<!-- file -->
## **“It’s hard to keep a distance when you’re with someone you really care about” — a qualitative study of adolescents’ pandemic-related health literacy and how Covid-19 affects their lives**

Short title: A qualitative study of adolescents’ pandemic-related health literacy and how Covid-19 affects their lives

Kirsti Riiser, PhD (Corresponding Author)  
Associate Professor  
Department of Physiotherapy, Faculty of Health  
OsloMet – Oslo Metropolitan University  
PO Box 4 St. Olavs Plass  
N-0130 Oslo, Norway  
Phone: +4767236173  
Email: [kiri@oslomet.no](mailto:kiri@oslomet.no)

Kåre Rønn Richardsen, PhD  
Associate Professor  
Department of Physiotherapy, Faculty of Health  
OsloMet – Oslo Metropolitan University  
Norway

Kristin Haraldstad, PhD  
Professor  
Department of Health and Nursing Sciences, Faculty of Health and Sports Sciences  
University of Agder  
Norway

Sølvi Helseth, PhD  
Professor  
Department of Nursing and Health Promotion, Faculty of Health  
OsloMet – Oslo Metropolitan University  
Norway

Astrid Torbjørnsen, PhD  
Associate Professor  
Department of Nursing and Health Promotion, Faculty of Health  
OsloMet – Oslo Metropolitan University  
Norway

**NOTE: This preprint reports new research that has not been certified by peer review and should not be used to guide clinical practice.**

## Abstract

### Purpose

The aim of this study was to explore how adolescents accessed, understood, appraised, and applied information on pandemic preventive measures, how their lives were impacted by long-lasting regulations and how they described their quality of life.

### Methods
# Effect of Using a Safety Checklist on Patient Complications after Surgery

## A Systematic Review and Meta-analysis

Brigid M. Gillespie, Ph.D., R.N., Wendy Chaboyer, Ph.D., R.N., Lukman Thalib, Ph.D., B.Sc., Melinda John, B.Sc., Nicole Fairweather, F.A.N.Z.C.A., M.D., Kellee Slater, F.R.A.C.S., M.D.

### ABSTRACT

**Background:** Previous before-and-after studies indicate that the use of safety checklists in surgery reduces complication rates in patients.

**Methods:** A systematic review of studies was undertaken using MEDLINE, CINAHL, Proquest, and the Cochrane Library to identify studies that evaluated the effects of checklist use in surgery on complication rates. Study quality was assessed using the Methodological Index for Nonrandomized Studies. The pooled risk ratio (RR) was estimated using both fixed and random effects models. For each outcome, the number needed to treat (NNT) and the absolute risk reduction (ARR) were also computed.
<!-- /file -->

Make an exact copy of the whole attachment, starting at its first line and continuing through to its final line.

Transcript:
## **“It’s hard to keep a distance when you’re with someone you really care about” — a qualitative study of adolescents’ pandemic-related health literacy and how Covid-19 affects their lives**

Short title: A qualitative study of adolescents’ pandemic-related health literacy and how Covid-19 affects their lives

Kirsti Riiser, PhD (Corresponding Author)  
Associate Professor  
Department of Physiotherapy, Faculty of Health  
OsloMet – Oslo Metropolitan University  
PO Box 4 St. Olavs Plass  
N-0130 Oslo, Norway  
Phone: +4767236173  
Email: [kiri@oslomet.no](mailto:kiri@oslomet.no)

Kåre Rønn Richardsen, PhD  
Associate Professor  
Department of Physiotherapy, Faculty of Health  
OsloMet – Oslo Metropolitan University  
Norway

Kristin Haraldstad, PhD  
Professor  
Department of Health and Nursing Sciences, Faculty of Health and Sports Sciences  
University of Agder  
Norway

Sølvi Helseth, PhD  
Professor  
Department of Nursing and Health Promotion, Faculty of Health  
OsloMet – Oslo Metropolitan University  
Norway

Astrid Torbjørnsen, PhD  
Associate Professor  
Department of Nursing and Health Promotion, Faculty of Health  
OsloMet – Oslo Metropolitan University  
Norway

**NOTE: This preprint reports new research that has not been certified by peer review and should not be used to guide clinical practice.**

## Abstract

### Purpose

The aim of this study was to explore how adolescents accessed, understood, appraised, and applied information on pandemic preventive measures, how their lives were impacted by long-lasting regulations and how they described their quality of life.

### Methods
# Effect of Using a Safety Checklist on Patient Complications after Surgery

## A Systematic Review and Meta-analysis

Brigid M. Gillespie, Ph.D., R.N., Wendy Chaboyer, Ph.D., R.N., Lukman Thalib, Ph.D., B.Sc., Melinda John, B.Sc., Nicole Fairweather, F.A.N.Z.C.A., M.D., Kellee Slater, F.R.A.C.S., M.D.

### ABSTRACT

**Background:** Previous before-and-after studies indicate that the use of safety checklists in surgery reduces complication rates in patients.

**Methods:** A systematic review of studies was undertaken using MEDLINE, CINAHL, Proquest, and the Cochrane Library to identify studies that evaluated the effects of checklist use in surgery on complication rates. Study quality was assessed using the Methodological Index for Nonrandomized Studies. The pooled risk ratio (RR) was estimated using both fixed and random effects models. For each outcome, the number needed to treat (NNT) and the absolute risk reduction (ARR) were also computed.